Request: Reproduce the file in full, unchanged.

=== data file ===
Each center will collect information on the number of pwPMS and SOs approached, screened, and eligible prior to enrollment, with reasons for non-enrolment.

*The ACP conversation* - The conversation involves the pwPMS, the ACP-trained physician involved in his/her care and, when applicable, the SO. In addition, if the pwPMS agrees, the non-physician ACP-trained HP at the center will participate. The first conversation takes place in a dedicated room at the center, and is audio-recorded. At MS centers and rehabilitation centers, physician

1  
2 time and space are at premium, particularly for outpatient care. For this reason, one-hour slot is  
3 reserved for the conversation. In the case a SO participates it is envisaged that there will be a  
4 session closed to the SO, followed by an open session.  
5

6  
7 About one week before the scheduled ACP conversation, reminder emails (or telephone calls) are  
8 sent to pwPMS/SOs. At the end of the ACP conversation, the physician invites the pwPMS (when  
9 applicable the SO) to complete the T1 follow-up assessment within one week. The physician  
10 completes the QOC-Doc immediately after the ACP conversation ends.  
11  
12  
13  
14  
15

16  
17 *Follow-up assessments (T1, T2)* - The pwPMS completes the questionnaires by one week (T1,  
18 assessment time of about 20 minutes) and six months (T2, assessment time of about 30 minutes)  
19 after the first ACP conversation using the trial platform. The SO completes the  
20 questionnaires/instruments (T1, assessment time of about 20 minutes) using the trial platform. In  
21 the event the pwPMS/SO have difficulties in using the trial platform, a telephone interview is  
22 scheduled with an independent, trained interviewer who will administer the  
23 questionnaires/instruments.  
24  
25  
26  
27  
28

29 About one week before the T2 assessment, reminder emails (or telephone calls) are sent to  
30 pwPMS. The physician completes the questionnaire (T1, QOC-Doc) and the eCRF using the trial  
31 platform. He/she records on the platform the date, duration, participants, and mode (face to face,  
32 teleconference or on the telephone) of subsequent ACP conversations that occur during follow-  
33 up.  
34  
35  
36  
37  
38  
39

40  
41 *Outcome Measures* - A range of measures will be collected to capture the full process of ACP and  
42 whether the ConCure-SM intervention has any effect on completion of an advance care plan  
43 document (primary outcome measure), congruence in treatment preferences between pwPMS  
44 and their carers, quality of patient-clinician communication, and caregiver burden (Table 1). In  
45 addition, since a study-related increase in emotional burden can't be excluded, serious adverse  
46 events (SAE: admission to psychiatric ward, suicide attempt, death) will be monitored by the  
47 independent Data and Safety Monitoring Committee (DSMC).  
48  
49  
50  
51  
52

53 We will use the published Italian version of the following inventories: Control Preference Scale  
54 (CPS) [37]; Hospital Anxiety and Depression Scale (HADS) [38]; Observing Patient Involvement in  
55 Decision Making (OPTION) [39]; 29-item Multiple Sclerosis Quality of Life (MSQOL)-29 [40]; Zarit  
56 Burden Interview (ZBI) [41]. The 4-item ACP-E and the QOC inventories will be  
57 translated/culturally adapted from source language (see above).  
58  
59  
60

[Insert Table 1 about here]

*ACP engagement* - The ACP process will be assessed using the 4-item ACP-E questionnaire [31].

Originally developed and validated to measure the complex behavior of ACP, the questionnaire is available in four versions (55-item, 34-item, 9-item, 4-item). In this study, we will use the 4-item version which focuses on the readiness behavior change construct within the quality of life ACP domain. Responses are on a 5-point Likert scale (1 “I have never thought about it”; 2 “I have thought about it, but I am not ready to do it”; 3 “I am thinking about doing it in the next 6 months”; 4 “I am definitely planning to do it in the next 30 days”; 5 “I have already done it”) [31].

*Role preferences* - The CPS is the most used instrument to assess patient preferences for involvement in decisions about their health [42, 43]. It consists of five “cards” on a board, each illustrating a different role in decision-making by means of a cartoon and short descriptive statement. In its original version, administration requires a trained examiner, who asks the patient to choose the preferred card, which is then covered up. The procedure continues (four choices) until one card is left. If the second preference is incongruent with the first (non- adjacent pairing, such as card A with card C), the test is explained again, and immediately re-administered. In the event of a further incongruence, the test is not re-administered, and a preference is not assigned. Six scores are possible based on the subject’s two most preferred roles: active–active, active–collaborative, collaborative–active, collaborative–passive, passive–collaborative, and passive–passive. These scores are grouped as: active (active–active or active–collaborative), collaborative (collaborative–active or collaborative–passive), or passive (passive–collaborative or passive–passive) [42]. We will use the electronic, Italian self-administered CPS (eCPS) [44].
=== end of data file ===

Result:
Each center will collect information on the number of pwPMS and SOs approached, screened, and eligible prior to enrollment, with reasons for non-enrolment.

*The ACP conversation* - The conversation involves the pwPMS, the ACP-trained physician involved in his/her care and, when applicable, the SO. In addition, if the pwPMS agrees, the non-physician ACP-trained HP at the center will participate. The first conversation takes place in a dedicated room at the center, and is audio-recorded. At MS centers and rehabilitation centers, physician

1  
2 time and space are at premium, particularly for outpatient care. For this reason, one-hour slot is  
3 reserved for the conversation. In the case a SO participates it is envisaged that there will be a  
4 session closed to the SO, followed by an open session.  
5

6  
7 About one week before the scheduled ACP conversation, reminder emails (or telephone calls) are  
8 sent to pwPMS/SOs. At the end of the ACP conversation, the physician invites the pwPMS (when  
9 applicable the SO) to complete the T1 follow-up assessment within one week. The physician  
10 completes the QOC-Doc immediately after the ACP conversation ends.  
11  
12  
13  
14  
15

16  
17 *Follow-up assessments (T1, T2)* - The pwPMS completes the questionnaires by one week (T1,  
18 assessment time of about 20 minutes) and six months (T2, assessment time of about 30 minutes)  
19 after the first ACP conversation using the trial platform. The SO completes the  
20 questionnaires/instruments (T1, assessment time of about 20 minutes) using the trial platform. In  
21 the event the pwPMS/SO have difficulties in using the trial platform, a telephone interview is  
22 scheduled with an independent, trained interviewer who will administer the  
23 questionnaires/instruments.  
24  
25  
26  
27  
28

29 About one week before the T2 assessment, reminder emails (or telephone calls) are sent to  
30 pwPMS. The physician completes the questionnaire (T1, QOC-Doc) and the eCRF using the trial  
31 platform. He/she records on the platform the date, duration, participants, and mode (face to face,  
32 teleconference or on the telephone) of subsequent ACP conversations that occur during follow-  
33 up.  
34  
35  
36  
37  
38  
39

40  
41 *Outcome Measures* - A range of measures will be collected to capture the full process of ACP and  
42 whether the ConCure-SM intervention has any effect on completion of an advance care plan  
43 document (primary outcome measure), congruence in treatment preferences between pwPMS  
44 and their carers, quality of patient-clinician communication, and caregiver burden (Table 1). In  
45 addition, since a study-related increase in emotional burden can't be excluded, serious adverse  
46 events (SAE: admission to psychiatric ward, suicide attempt, death) will be monitored by the  
47 independent Data and Safety Monitoring Committee (DSMC).  
48  
49  
50  
51  
52

53 We will use the published Italian version of the following inventories: Control Preference Scale  
54 (CPS) [37]; Hospital Anxiety and Depression Scale (HADS) [38]; Observing Patient Involvement in  
55 Decision Making (OPTION) [39]; 29-item Multiple Sclerosis Quality of Life (MSQOL)-29 [40]; Zarit  
56 Burden Interview (ZBI) [41]. The 4-item ACP-E and the QOC inventories will be  
57 translated/culturally adapted from source language (see above).  
58  
59  
60

[Insert Table 1 about here]

*ACP engagement* - The ACP process will be assessed using the 4-item ACP-E questionnaire [31].

Originally developed and validated to measure the complex behavior of ACP, the questionnaire is available in four versions (55-item, 34-item, 9-item, 4-item). In this study, we will use the 4-item version which focuses on the readiness behavior change construct within the quality of life ACP domain. Responses are on a 5-point Likert scale (1 “I have never thought about it”; 2 “I have thought about it, but I am not ready to do it”; 3 “I am thinking about doing it in the next 6 months”; 4 “I am definitely planning to do it in the next 30 days”; 5 “I have already done it”) [31].

*Role preferences* - The CPS is the most used instrument to assess patient preferences for involvement in decisions about their health [42, 43]. It consists of five “cards” on a board, each illustrating a different role in decision-making by means of a cartoon and short descriptive statement. In its original version, administration requires a trained examiner, who asks the patient to choose the preferred card, which is then covered up. The procedure continues (four choices) until one card is left. If the second preference is incongruent with the first (non- adjacent pairing, such as card A with card C), the test is explained again, and immediately re-administered. In the event of a further incongruence, the test is not re-administered, and a preference is not assigned. Six scores are possible based on the subject’s two most preferred roles: active–active, active–collaborative, collaborative–active, collaborative–passive, passive–collaborative, and passive–passive. These scores are grouped as: active (active–active or active–collaborative), collaborative (collaborative–active or collaborative–passive), or passive (passive–collaborative or passive–passive) [42]. We will use the electronic, Italian self-administered CPS (eCPS) [44].